Despite facing historic budget shortfalls, the majority of states have elected once again to invest in evidence-based, proven pre-kindergarten programs. Twenty-nine states and the District of Columbia chose to increase or hold steady their pre-k funding for fiscal year 2010. Alaska and Rhode Island lawmakers approved their first-ever state-funded pre-k programs.
“When you consider the dire economic context, this is a victory for more than one million families with children enrolled in pre-k,” said Marci Young, project director of Pre-K Now. “In most states, lawmakers recognize that quality pre-k should be a core priority because it provides lasting benefits for children and strong economic returns on investment for taxpayers.”
The non-partisan annual report, “Votes Count: Legislative Action on Pre-K Fiscal Year 2010,” evaluates state budgets to determine which legislatures count voluntary, high-quality pre-k among their top education reform strategies. Using these numbers, Americans can determine whether their elected leaders are committing the resources necessary to developing the successful students central to tomorrow’s work force.
Download the report.
Highlights of this year’s analysis include:
- • Twenty-three states and the District of Columbia increased or are projected to increase pre-k investments by a total of more than $187 million
• Thirteen legislatures increased investment in existing programs by nearly $130 million: Alabama, Arkansas, California, Colorado, Florida, Georgia, Kansas, New Jersey, New Mexico, Oregon, Tennessee, Texas and Virginia.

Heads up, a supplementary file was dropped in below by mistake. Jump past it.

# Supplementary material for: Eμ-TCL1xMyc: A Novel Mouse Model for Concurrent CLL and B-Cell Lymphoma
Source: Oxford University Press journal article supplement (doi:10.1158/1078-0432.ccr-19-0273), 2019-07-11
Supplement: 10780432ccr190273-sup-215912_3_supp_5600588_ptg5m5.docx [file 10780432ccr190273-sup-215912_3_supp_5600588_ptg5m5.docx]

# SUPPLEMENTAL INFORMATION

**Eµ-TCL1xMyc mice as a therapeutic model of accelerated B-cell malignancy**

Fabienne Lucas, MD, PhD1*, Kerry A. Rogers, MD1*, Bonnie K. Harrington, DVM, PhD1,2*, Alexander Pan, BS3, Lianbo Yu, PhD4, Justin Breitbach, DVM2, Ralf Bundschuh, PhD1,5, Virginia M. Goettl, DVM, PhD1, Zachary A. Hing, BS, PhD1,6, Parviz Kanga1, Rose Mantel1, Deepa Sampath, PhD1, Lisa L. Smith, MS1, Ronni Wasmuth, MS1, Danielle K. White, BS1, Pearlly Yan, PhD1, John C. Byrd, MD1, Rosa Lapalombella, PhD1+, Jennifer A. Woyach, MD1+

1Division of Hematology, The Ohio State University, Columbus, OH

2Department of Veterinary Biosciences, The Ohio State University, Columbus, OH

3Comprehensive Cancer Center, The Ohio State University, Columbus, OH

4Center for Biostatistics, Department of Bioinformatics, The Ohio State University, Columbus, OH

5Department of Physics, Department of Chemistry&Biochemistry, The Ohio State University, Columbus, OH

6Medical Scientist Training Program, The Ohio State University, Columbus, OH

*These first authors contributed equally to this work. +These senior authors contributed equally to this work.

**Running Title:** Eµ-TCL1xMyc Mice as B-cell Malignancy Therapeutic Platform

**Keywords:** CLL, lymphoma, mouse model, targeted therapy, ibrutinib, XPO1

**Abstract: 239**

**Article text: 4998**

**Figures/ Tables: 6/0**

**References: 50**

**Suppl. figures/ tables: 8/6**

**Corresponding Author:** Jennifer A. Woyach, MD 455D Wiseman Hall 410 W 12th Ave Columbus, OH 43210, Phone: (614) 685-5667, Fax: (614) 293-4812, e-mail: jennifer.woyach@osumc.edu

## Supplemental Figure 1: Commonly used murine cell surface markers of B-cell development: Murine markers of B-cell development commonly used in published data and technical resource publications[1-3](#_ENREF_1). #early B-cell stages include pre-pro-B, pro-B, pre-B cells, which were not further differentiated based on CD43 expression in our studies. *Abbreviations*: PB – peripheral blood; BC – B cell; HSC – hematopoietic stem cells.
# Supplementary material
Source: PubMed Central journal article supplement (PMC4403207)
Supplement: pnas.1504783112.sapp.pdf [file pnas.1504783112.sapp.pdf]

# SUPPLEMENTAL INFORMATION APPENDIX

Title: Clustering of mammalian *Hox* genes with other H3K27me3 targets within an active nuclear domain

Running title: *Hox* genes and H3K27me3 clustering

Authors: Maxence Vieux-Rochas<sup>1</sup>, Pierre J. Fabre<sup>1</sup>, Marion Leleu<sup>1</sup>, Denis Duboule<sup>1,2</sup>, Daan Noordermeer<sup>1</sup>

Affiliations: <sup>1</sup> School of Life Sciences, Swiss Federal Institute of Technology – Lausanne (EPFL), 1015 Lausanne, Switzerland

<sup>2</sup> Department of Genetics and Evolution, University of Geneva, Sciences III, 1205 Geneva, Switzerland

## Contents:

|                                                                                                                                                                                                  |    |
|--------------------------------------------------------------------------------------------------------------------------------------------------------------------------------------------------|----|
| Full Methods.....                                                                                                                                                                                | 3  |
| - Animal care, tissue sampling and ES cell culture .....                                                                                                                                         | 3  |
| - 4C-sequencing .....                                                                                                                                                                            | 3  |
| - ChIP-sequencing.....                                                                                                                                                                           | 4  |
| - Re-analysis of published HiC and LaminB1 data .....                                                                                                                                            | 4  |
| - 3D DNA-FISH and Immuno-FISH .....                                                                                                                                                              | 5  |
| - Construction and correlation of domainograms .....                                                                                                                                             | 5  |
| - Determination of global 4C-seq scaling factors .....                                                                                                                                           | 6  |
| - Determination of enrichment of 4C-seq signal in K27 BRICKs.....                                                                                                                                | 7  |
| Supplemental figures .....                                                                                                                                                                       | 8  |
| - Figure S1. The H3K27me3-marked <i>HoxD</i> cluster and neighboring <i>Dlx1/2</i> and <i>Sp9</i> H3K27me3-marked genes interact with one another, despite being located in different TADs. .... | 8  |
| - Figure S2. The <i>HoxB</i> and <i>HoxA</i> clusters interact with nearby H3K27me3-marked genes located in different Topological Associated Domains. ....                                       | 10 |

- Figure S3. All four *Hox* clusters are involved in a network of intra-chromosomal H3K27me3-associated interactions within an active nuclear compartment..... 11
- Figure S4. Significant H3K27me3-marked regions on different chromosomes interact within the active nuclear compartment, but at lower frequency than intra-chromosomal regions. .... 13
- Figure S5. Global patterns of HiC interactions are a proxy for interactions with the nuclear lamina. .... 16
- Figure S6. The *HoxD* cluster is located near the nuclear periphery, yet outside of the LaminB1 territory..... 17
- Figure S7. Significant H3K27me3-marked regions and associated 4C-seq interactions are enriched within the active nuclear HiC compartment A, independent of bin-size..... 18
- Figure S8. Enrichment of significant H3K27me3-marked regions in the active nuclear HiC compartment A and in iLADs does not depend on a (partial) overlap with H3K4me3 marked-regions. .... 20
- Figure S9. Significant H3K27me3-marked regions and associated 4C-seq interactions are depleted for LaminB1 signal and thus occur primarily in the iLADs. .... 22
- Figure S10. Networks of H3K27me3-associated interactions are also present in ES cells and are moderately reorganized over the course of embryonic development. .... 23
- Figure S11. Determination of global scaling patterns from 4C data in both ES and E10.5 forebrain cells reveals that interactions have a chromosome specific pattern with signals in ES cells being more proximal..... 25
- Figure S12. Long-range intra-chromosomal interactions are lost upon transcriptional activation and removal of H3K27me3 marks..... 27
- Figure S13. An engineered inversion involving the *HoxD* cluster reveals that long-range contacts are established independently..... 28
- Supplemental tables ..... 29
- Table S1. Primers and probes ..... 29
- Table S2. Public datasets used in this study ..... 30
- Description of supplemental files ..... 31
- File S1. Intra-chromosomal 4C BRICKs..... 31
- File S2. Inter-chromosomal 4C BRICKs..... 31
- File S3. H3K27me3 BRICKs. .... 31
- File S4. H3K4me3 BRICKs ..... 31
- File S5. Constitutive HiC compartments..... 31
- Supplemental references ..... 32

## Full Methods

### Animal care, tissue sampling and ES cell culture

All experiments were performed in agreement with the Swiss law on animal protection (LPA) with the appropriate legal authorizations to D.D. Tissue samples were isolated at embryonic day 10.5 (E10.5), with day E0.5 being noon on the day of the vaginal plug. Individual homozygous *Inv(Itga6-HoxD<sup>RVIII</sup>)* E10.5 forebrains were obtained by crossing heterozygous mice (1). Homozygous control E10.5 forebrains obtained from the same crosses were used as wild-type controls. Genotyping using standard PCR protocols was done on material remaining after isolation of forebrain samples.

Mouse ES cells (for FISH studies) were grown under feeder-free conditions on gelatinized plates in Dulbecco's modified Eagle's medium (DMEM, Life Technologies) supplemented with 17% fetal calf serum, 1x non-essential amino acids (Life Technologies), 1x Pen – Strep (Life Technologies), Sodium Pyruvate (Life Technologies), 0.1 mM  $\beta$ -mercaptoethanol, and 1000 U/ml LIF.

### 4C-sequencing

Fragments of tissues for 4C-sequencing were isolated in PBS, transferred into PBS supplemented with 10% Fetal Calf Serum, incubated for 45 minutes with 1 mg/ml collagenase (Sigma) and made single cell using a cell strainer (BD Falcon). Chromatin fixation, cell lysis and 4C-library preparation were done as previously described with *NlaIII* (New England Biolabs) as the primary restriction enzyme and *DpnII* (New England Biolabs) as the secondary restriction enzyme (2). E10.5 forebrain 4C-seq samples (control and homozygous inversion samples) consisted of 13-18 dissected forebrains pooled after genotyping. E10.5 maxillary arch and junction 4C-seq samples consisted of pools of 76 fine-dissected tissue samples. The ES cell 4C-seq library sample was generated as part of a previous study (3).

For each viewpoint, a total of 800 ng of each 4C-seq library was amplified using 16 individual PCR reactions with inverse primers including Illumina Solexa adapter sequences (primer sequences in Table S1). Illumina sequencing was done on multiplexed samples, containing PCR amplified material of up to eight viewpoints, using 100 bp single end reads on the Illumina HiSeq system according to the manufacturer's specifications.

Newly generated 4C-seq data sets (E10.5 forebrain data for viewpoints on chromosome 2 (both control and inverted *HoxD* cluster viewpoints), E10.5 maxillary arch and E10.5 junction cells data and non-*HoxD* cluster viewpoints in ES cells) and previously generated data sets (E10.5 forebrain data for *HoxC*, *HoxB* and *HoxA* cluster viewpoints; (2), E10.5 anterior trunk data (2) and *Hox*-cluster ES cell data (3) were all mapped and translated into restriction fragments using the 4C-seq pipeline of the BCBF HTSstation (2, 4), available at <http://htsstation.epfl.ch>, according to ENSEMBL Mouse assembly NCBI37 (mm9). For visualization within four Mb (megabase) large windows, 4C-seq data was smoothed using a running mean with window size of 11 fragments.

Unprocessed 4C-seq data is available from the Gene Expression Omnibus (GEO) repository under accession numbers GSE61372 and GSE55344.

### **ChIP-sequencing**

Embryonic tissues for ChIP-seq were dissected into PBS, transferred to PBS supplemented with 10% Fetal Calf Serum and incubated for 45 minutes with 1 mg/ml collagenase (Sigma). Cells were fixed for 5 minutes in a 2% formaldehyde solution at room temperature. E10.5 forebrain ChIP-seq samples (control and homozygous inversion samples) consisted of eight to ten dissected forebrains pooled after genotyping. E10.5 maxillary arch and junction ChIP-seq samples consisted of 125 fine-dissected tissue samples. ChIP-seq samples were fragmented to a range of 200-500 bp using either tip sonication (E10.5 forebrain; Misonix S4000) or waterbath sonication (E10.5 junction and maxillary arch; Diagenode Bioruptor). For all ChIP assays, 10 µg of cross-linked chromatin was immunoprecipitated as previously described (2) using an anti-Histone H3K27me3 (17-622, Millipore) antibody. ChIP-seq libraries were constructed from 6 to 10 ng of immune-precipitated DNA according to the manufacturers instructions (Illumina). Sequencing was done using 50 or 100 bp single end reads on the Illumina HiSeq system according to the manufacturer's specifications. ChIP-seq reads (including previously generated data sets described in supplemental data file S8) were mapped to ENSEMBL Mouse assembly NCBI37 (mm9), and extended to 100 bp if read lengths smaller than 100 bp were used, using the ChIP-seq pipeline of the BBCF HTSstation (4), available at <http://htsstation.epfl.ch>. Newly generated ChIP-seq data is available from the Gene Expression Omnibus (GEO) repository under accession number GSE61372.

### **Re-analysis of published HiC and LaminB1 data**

• Two states that previously had no state pre-k programs, approved pilot initiatives: Alaska and Rhode Island.
• Nine states and the District of Columbia anticipate increases through the school funding formula.
• Six states maintained investments at FY09 levels: Delaware, Kentucky, Minnesota, Missouri Nevada and Pennsylvania.
• Among the states suffering the 10 worst budget shortfalls (measured as a percentage of the budget), only Connecticut and New York approved a cut to early education programs.
• Nine states decreased funding: Connecticut, Illinois, Louisiana, Massachusetts, New York, North Carolina, Ohio, South Carolina and Washington.
• Ohio's cut is estimated to deny pre-k to the largest number of children, at least 12,000.
The report also includes:
- • Case studies of states leading the effort to provide pre-k;
• The advantages of one particular funding strategy for early education;
• Data on the states making the largest cuts and the effect those cuts will have on children's access to high-quality pre-k programs;
• Information on states that are using funds from the American Recovery and Reinvestment Act to help fund pre-k programs; and
• A 50-state chart that shows how each state is funding pre-k.